Housing Affordability Is Plunging Even With Relatively Minor Rate Increases

By: Paul Kasriel | Sat, Jun 18, 2005
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As shown in Chart 1, the National Association of Realtors’ index of housing affordability fell in April to its lowest level since October 1991. In April of this year, the effective composite interest rate (i.e., a blended interest rate, including fees, on fixed-rate and adjustable-rate loans for the purchase of previously-occupied homes) was 5.92%. Back in October 1991, this mortgage interest rate was 9.02% -- 310 basis points or 52 percentage points higher.

Chart 1

Chart 2 shows that the housing affordability index hit a recent high of 142.5 in March 2004. Thus, at its April 2005 level of 121.9, it has fallen by 14.5% from its recent high. In March 2004, the effective mortgage interest rate used in calculating the affordability index stood at 5.48%. The April 2005 mortgage rate of 5.92% is 8 percent higher than it was in March 2004. Based on a linear regression relating the percentage change in the effective mortgage interest rate to the percentage change in the housing affordability index, an 8 percentage point change in the interest rate should have resulted in only a 6.1 percentage point change in the affordability index vs. the actual affordability change of 14.5%.

Chart 2

Why is the housing affordability index today with a mortgage rate of 5.92% at about the same level it was at in October 2001 when the mortgage rate was 300 basis points higher? Why has housing affordability fallen more of late than what historically would have been expected given the percentage change in the mortgage rate? Because the price of residential real estate has risen to record highs both in absolute terms as well as relative to disposable personal income. Fresh flow-of-funds data released by the Fed show (in Chart 3) that the market value of residential real estate is now at a record high of 198% of disposable personal income. Although the year-over-year percent change in the market value of residential real estate has been great in recent quarters, the changes have not been of record magnitudes. But real estate prices have been outpacing after-tax income growth. Given that housing affordability already is plunging with only minor increases in mortgage interest rates, what would happen to affordability if interest rates were to spike up a hundred basis points or so? Does Alan Greenspan want to find out in the remaining months of his tenure?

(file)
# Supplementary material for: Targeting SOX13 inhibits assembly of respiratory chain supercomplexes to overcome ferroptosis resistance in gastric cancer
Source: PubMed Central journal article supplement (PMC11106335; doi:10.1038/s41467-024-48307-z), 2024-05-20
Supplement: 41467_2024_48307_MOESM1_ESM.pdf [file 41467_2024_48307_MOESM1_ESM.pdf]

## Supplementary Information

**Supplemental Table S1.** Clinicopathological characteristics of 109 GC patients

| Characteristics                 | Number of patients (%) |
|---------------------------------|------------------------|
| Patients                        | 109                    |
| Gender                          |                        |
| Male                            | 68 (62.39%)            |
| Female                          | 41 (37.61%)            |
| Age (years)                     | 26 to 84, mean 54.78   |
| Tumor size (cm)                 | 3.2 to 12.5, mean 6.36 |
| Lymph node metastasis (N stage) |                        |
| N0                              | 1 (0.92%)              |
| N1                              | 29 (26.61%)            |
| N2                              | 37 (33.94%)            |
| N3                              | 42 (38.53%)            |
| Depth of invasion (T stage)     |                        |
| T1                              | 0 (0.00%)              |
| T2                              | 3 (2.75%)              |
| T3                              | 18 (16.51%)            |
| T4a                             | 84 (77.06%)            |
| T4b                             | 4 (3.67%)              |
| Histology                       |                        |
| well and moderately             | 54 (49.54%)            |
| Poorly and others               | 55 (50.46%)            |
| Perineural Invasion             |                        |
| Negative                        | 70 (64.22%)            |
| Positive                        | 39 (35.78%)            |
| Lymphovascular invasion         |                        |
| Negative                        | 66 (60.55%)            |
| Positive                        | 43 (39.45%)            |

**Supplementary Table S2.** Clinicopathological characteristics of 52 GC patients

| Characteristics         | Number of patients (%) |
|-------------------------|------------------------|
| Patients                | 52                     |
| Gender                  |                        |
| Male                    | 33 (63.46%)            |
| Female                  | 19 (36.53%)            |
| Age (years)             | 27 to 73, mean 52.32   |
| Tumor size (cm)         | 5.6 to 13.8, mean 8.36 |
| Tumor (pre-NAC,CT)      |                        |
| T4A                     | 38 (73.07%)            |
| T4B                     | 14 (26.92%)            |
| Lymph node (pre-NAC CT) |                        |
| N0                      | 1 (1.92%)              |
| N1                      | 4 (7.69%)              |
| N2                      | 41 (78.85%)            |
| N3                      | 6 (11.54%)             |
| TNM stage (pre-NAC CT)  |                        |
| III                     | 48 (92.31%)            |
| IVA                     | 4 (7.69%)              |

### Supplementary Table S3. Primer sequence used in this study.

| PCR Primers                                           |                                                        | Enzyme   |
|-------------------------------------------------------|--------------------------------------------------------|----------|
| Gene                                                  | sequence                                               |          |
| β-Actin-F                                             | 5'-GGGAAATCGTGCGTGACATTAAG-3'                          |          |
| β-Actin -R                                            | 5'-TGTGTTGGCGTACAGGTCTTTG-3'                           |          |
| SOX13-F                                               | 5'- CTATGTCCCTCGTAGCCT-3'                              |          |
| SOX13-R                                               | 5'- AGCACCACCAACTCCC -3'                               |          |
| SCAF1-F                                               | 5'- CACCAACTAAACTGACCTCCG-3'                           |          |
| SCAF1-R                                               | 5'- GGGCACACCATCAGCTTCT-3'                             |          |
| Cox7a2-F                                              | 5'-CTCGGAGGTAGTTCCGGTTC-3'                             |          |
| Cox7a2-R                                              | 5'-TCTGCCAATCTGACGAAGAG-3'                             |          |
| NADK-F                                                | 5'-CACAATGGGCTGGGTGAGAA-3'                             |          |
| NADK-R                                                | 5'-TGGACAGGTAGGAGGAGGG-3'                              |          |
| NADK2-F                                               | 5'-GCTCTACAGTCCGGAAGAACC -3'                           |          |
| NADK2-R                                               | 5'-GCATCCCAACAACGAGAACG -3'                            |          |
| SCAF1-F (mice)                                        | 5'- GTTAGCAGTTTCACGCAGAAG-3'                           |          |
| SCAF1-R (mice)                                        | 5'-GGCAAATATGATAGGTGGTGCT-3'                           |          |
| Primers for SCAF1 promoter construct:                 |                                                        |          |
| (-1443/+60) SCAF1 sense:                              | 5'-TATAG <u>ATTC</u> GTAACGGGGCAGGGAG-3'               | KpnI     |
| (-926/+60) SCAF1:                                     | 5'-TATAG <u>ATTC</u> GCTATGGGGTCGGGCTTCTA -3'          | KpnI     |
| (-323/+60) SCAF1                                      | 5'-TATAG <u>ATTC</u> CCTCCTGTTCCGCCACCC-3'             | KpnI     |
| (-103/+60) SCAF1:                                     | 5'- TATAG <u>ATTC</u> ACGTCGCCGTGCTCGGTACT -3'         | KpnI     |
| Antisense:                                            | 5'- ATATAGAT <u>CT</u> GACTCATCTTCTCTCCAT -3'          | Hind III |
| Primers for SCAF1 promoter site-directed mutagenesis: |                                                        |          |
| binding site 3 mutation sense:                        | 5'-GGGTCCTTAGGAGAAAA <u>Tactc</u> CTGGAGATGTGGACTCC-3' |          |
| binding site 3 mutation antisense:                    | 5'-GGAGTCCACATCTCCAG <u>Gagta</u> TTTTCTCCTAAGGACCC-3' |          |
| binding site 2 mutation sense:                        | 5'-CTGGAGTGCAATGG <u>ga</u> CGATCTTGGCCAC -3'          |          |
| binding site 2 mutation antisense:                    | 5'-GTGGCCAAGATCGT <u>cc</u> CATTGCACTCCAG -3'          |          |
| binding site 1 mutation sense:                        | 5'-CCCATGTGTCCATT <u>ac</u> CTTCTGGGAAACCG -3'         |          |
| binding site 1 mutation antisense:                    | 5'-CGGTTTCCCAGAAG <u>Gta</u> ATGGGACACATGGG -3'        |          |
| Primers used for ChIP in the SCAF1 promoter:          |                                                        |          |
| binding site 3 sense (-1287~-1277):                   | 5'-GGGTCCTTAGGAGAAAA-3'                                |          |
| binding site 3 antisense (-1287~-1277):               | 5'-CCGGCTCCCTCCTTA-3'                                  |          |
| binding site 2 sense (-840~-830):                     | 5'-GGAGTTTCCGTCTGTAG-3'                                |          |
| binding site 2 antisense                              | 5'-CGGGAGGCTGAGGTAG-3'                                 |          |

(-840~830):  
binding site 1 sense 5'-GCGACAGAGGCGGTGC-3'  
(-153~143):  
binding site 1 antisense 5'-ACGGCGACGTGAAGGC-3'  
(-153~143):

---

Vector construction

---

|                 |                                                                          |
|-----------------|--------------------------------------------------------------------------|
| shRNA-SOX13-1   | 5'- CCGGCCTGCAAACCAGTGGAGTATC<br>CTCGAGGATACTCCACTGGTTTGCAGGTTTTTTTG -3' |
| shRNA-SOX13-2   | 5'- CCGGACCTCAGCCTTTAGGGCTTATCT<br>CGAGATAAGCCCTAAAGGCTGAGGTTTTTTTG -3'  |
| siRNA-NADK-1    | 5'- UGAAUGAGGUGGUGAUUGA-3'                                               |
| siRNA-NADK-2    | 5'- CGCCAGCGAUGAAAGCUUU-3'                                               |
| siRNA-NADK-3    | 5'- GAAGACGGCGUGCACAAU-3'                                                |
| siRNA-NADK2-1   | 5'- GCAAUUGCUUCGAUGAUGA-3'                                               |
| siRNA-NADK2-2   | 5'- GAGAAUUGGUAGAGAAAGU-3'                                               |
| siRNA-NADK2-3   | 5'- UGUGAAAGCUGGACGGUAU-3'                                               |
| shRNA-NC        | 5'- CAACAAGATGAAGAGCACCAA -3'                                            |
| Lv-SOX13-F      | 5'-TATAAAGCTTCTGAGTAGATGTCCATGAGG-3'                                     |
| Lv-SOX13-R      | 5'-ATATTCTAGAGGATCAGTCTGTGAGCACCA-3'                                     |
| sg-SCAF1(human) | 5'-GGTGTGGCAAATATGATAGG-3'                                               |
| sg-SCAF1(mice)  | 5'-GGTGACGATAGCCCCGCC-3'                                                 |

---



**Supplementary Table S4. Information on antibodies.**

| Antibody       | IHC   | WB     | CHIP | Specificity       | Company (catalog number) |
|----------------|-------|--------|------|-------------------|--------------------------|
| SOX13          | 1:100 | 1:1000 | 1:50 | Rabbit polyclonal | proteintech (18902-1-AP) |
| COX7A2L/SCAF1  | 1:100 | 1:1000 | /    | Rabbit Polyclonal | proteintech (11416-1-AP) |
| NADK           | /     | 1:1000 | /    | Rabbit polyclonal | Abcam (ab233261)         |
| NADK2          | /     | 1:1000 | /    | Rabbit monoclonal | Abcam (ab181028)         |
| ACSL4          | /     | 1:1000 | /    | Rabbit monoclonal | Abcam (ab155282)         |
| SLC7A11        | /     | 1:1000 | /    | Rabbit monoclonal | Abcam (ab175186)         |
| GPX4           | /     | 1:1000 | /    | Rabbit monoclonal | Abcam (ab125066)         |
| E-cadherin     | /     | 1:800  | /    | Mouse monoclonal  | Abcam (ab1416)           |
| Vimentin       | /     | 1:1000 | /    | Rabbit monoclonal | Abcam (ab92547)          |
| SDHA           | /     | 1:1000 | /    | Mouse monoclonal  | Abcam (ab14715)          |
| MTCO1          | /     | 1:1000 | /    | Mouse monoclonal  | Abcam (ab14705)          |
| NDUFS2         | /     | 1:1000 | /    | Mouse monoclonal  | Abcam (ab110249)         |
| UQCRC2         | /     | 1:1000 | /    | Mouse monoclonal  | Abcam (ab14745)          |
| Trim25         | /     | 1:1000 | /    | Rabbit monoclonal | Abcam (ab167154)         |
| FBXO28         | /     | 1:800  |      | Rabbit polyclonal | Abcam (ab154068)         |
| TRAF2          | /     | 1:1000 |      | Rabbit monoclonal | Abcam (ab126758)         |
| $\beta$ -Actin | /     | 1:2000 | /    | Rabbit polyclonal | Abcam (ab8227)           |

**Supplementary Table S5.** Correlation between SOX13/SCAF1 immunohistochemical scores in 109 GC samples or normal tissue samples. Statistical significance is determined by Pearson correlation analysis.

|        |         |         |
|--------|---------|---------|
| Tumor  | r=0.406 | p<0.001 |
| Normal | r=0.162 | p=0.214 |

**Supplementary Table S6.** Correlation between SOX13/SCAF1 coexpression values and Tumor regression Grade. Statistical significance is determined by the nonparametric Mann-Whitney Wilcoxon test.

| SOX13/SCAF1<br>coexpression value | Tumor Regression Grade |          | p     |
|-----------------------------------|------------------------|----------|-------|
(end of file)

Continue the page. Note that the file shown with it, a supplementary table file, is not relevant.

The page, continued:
Chart 3



Paul Kasriel

Author: Paul Kasriel

Paul L. Kasriel
Director of Economic Research
The Northern Trust Company
Economic Research Department
Positive Economic Commentary
"The economics of what is, rather than what you might like it to be."
50 South LaSalle Street, Chicago, Illinois 60675

Paul Kasriel

Paul joined the economic research unit of The Northern Trust Company in 1986 as Vice President and Economist, being named Senior Vice President and Director of Economic Research in 2000. His economic and interest rate forecasts are used both internally and by clients. The accuracy of the Economic Research Department's forecasts has consistently been highly-ranked in the Blue Chip survey of about 50 forecasters over the years. To that point, Paul received the prestigious 2006 Lawrence R. Klein Award for having the most accurate economic forecast among the Blue Chip survey participants for the years 2002 through 2005. The accuracy of Paul's 2008 economic forecast was ranked in the top five of The Wall Street Journal survey panel of economists. In January 2009, The Wall Street Journal and Forbes cited Paul as one of the few who identified early on the formation of the housing bubble and foresaw the economic and financial market havoc that would ensue after the bubble inevitably burst. Through written commentaries containing his straightforward and often nonconsensus analysis of economic and financial market issues, Paul has developed a loyal following in the financial community. The Northern's economic website was listed as one of the top ten most interesting by The Wall Street Journal. Paul is the co-author of a book entitled Seven Indicators That Move Markets.

Paul began his career as a research economist at the Federal Reserve Bank of Chicago. He has taught courses in finance at the DePaul University Kellstadt Graduate School of Business and at the Northwestern University Kellogg Graduate School of Management. Paul serves on the Economic Advisory Committee of the American Bankers Association.

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